Like I keep saying, it will be a decade or more before Puerto Rico seriously recovers. The damage is too great and the local government is too corrupt. Anyone with marketable skills flees as soon as they can:
To job-seekers in a place that has double-digit unemployment, severe damage from two punishing, back-to-back hurricanes, and an ongoing fiscal crisis, the advertised jobs look awfully appealing. There’s “competitive compensation,” health insurance, life insurance, tuition assistance, a 401(k), free meals and a $1,000 bonus, in two installments, if you stick with it a year. But the jobs aren’t on what locals proudly call “La Isla Del Encanto” (Isle of Enchantment). They’re in Cincinnati, Pennsylvania, New Jersey and other faraway locales. And while the jobs themselves – working in food service at U.S. airports and in highway rest stops – might not be glamorous, they are still a step up for Puerto Ricans desperate for reliable work and worried that their battered island home might not recover enough, or in enough time, to provide a future for themselves and their children.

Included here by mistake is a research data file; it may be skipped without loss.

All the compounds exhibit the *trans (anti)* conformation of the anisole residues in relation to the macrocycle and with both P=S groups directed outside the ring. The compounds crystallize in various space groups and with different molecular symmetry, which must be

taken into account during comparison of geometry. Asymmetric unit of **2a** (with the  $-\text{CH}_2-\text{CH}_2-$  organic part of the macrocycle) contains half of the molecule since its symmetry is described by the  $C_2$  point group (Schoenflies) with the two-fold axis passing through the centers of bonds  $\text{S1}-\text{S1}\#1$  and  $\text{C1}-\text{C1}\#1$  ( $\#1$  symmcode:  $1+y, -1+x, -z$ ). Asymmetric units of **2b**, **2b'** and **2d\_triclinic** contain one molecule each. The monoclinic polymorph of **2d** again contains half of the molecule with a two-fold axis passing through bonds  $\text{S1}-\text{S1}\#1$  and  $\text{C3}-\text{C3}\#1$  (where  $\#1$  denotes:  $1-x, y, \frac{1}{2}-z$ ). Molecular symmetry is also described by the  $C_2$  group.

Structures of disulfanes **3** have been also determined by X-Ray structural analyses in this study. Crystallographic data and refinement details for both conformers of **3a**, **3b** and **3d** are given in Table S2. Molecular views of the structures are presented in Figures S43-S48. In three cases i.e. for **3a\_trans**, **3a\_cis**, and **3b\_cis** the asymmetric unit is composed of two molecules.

The problem, experts here say, is that Puerto Rico is in danger of losing one of its most critical assets, its skilled workforce, at a time when the island is in dire need of rebuilding. Teachers are leaving for more secure jobs on the mainland, a predictable outcome after the cash-strapped government announced it would close some 200 schools. Police, thousands of whom called in sick daily last year because they were not being paid overtime, are finding brighter futures in cities eager to find trained, bilingual officers.
Medical personnel, who were complaining about not getting paid for services long before Hurricanes Irma and Maria hit last year, have been moving to the mainland. And people in the hospitality field, a key labor sector for the Caribbean island’s tourism industry, are looking for new work as Puerto Rico strains to recover. Across the street from the Verdanza Hotel, where HMSHost was recruiting, major tourist hotels were largely empty and offering just basic accommodations, the clean, white-sand beaches of the Isla Verde neighborhood bereft of the usual throngs of sunbathers and the hotel workers who bring them drinks and towels.